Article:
There may be reasonable disagreement about the best strategies for dealing with pathological behaviour, but it would be surprising indeed if there were any debate that tolerating such behaviour would only enable it to persist, and encouraging it would do anything other than aggravate it. As the principle in economics goes, if you want more of something, incentivise it.
This comes to mind in the recently released report into governance at the University of Cape Town.
Dated 11 October, the report was compiled by a high-powered team led by retired judge Lex Mpati, and examined a string of controversies at the institution, mostly associated with the leadership of the former Vice Chancellor, Professor Mamokgethi Phakeng and the departure from the university of senior staff believed to have come into conflict with her. It makes for distressing reading. It chronicles a litany of abuses of authority, grave as well as petty, at South Africa’s top-ranked academic institution.
Administrative processes were abused to pursue personal agendas. A toxic work environment was created that made particular individuals’ continued service untenable. Instruments meant to uphold professional behaviour – such as codes of conduct – were ignored. Those mandated to provide oversight failed to do so. As a consequence, a number of employees of the university endured damage to their careers, suffered financial hardship and emotional trauma. UCT was shaken by the tensions in its governance structures, and it’s fair to say that its reputation – an incalculably valuable asset for a university – was tarnished.
The report has attracted a fair amount of coverage. Inevitably, the weight of attention has been on the question of race and ‘racialisation’, or more accurately its weaponisation by Professor Phakeng and a couple of her supporters. This is a recurrent theme. At one point, the report comments: ‘The most troubling aspect of her leadership was the divisive way she used race and racial difference as a weapon in her interaction with almost everyone in UCT, regardless of their position. Her “crass” obsession with race, as [UCT Council Chair Sipho] Pityana described it, became worse, not better, with time. It became increasingly difficult for leaders and staff to attend meetings with her as she brooked no disagreement and caused distress to those affected.’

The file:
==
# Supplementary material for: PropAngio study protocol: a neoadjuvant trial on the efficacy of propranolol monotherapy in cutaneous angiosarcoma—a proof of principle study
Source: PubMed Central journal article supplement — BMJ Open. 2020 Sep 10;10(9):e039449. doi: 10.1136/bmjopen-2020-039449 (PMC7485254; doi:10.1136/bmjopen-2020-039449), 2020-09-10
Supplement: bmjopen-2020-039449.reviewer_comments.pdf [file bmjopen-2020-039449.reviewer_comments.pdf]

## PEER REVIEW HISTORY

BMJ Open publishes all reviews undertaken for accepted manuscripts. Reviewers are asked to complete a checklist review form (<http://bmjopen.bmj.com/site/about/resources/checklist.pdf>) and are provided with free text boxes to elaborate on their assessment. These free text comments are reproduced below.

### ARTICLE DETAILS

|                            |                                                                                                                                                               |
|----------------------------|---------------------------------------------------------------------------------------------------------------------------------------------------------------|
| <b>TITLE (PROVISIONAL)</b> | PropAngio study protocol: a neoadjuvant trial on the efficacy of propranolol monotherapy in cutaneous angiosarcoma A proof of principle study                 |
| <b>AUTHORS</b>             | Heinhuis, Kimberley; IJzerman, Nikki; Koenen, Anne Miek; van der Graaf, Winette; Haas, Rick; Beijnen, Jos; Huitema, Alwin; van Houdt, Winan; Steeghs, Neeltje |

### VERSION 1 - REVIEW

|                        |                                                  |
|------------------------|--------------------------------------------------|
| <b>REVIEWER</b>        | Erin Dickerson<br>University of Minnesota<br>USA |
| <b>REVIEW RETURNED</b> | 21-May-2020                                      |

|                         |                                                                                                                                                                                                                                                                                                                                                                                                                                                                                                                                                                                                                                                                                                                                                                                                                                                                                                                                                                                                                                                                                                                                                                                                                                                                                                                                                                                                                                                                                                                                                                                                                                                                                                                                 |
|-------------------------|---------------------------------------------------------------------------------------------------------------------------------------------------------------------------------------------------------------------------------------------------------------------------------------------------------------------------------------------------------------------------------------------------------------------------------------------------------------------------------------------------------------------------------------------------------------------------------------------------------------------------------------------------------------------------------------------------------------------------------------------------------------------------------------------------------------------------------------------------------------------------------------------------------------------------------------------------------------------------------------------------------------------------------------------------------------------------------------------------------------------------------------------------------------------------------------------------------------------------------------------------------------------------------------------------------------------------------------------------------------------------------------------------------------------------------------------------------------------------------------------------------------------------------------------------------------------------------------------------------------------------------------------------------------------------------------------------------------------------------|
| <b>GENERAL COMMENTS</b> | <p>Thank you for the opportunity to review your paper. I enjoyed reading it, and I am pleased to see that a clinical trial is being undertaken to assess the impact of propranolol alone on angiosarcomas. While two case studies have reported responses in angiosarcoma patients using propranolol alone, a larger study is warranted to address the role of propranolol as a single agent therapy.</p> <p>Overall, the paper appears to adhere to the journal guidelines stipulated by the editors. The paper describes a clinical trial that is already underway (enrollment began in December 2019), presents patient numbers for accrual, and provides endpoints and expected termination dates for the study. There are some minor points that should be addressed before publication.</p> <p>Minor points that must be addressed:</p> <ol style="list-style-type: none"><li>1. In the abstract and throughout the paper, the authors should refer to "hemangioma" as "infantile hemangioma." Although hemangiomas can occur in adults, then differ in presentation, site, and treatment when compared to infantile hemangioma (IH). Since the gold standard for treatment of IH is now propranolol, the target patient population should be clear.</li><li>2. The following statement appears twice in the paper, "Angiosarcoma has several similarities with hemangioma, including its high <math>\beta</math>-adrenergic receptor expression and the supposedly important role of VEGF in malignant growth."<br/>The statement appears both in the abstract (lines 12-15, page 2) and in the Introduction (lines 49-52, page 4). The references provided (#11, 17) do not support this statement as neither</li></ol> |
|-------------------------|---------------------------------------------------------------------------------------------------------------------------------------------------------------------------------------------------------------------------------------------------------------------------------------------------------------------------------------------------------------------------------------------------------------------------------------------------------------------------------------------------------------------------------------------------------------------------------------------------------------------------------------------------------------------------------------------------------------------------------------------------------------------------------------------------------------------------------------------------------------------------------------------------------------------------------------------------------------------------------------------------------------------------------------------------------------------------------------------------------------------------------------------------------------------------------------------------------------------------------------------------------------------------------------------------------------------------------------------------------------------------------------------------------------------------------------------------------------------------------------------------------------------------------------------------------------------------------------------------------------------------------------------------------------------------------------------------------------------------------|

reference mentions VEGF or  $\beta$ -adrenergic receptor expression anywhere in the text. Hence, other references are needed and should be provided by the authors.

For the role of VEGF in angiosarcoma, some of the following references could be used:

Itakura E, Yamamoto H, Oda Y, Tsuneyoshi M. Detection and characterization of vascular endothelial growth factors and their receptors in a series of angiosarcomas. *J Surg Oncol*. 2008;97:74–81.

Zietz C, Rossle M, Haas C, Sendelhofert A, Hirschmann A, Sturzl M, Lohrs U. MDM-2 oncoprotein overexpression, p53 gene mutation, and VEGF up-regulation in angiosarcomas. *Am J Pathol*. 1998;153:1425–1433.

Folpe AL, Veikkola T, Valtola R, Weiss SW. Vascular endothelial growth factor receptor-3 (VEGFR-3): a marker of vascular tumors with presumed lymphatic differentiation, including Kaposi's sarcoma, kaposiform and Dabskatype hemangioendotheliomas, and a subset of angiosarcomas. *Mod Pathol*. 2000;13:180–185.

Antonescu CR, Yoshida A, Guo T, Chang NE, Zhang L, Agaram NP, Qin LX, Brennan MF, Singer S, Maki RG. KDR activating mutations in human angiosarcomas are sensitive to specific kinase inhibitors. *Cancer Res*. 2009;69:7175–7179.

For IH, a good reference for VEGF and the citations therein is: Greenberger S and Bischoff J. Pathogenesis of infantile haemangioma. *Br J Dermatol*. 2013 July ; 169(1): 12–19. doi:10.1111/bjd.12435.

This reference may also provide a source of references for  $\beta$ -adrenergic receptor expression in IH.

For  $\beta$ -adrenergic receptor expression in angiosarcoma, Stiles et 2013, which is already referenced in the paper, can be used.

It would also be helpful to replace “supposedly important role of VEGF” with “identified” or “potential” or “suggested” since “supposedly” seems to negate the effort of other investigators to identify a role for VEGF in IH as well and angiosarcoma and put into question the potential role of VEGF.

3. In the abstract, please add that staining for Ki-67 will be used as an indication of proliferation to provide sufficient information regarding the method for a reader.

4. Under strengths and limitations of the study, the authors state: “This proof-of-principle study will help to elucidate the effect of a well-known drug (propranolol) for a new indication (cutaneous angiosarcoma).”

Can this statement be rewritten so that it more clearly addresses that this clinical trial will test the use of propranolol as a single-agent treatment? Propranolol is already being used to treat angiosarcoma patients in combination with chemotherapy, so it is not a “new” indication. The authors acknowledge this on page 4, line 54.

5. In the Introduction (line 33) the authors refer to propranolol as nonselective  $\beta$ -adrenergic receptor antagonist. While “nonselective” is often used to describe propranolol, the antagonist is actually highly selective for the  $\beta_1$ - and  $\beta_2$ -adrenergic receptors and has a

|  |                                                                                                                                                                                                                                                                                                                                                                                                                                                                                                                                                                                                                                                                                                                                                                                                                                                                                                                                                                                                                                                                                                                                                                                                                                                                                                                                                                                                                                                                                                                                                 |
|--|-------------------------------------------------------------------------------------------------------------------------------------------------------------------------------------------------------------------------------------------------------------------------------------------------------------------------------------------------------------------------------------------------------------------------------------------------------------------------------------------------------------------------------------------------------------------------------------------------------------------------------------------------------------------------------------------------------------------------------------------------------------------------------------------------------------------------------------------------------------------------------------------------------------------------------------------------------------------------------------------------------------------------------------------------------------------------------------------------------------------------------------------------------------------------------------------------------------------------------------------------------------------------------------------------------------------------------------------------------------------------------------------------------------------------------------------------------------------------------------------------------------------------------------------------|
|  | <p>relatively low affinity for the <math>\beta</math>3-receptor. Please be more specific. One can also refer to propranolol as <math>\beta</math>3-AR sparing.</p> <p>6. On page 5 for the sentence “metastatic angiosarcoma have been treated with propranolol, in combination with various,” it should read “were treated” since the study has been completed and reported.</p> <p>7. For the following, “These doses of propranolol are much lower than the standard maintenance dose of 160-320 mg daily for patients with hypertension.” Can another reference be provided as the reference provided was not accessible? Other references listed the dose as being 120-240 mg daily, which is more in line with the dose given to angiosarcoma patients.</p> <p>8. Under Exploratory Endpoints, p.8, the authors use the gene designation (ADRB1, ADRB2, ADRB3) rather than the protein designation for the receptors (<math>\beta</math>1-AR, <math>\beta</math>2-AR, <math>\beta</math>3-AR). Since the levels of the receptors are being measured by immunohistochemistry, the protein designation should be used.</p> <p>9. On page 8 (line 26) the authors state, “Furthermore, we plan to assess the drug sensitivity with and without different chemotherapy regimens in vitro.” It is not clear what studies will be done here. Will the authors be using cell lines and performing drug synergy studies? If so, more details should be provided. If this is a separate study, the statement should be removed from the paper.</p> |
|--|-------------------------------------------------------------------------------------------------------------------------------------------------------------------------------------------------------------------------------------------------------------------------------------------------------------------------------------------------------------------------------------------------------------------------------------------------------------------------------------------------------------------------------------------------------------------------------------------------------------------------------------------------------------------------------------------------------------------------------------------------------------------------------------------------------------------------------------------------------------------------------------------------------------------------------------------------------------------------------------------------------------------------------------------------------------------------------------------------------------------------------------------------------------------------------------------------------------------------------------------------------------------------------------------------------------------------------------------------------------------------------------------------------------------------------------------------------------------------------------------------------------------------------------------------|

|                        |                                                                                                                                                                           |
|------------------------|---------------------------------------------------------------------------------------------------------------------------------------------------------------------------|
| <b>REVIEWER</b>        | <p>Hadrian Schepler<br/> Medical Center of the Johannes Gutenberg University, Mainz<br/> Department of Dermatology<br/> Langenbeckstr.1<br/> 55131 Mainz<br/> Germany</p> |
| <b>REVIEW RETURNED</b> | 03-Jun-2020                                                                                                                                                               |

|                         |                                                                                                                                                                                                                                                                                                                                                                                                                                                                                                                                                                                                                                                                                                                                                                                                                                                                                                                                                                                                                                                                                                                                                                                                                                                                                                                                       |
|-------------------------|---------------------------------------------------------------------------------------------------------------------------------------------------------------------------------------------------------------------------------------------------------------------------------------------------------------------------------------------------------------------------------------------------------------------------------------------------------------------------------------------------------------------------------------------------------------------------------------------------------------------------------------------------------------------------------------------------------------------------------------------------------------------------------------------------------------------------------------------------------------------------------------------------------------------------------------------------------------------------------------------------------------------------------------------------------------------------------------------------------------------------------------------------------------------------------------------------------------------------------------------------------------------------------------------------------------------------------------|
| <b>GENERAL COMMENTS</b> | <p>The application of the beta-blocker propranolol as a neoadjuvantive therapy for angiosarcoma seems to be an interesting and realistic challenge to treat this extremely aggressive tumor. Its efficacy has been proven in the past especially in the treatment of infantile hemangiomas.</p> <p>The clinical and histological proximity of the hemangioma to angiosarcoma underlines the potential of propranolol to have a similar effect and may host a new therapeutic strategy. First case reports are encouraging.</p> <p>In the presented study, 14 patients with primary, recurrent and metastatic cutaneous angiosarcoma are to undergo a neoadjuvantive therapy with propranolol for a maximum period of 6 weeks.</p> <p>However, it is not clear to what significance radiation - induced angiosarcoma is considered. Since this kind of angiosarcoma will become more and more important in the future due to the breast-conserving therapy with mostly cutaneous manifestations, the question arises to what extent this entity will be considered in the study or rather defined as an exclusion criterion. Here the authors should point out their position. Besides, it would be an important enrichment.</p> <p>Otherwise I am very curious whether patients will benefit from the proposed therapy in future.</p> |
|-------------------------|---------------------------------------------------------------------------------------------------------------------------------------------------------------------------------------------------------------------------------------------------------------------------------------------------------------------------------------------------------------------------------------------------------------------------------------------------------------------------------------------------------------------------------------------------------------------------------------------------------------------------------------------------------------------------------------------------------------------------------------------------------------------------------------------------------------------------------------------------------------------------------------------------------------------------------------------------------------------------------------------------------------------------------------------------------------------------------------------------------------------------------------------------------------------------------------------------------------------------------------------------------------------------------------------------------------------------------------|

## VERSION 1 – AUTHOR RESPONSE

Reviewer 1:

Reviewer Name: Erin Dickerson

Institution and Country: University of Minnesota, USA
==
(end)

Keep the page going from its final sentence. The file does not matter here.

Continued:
This is a strong comment. It comes with a detailed exposition of the deficient conduct by the former Vice Chancellor and others it examined. One reads accounts of how she believed that noxious racists seeking to undermine her, and the imperatives of transformation, were omnipresent. She responded by cracking down on those of whom she was suspicious. She emphasised that she was black – authentically black, mind – in contrast to others. This was irrespective of how they might define themselves. Coloured people (or, as some commentators might have it, ‘so-called Coloureds’) didn’t measure up. Reducing people to tears was to be disregarded, since white and coloured women feigned tears to garner sympathy. And when the University Council sought to investigate these matters, a supporter countered that this mirrored the ‘injustices of the past that often saw black women…being victimised by intertwining systems of racism and patriarchy’.
A generalised, unspecific sense of grievance, owing more to ideology, perception and personal paranoia, drove a destructive agenda of victimisation, whose immediate targets were real, specific people, with the university suffering collateral damage.
The report recommends a raft of remedial measures, including systems changes, the payment of financial compensation and apologies to those who were wronged.
There has been some commentary on this – notably a thoughtful two-part contribution in the Daily Maverick by Jeremy Seekings and Nicoli Nattrass – which appears to exude relief and to suggest that an opportunity for a reset has arrived. (Professor Phakeng has stated that she believes the report to contain ‘inaccuracies’, Sipho Pityana has taken issue with it, and the Parliamentary Committee on Higher Education, Science and Innovation has called for it to be set aside, so do not expect the last word to have been spoken.)
But if this is true, it might be worth asking how things came to this point. Or, as analysts are wont to do, to ask about the ‘deeper’ causes. This is a profoundly important matter and extends way beyond a tarnished ivory tower of the academy.
Reflecting on the ructions in a world a decade ago – around the time of the so-called Arab Spring, as well as discontent elsewhere – the American political scientist Frances Fukuyama drew attention to the prominent role of middle class activists and intellectuals, even in societies afflicted by grievous poverty and injustice to which the middle classes were not always directly exposed. This, he said, followed the pattern of history. ‘The French, Bolshevik and Chinese Revolutions were all led by discontented middle-class individuals, even if their ultimate course was later affected by peasants, workers and the poor. The 1848 “Springtime of Peoples” saw virtually the whole European continent erupt in revolution, a direct product of the European middle classes’ growth over the previous decades.’ One could go on.
These were people with a stake in society and personal aspirations and tended to be educated. South Africa’s transition was propelled by a multi-class coalition, within which exactly that middle class – often described at the time explicitly as the ‘black middle class’ or as the ‘middle strata’ – were positioned to benefit handsomely. And unlike the poorer (think, ‘working class’ or ‘lumpen’) elements of society, this was a group that interacted closely and on terms of nominal equality with its white counterparts. An explicitly race-based approach stood to deliver to this group quick access to opportunities, to jobs and to status.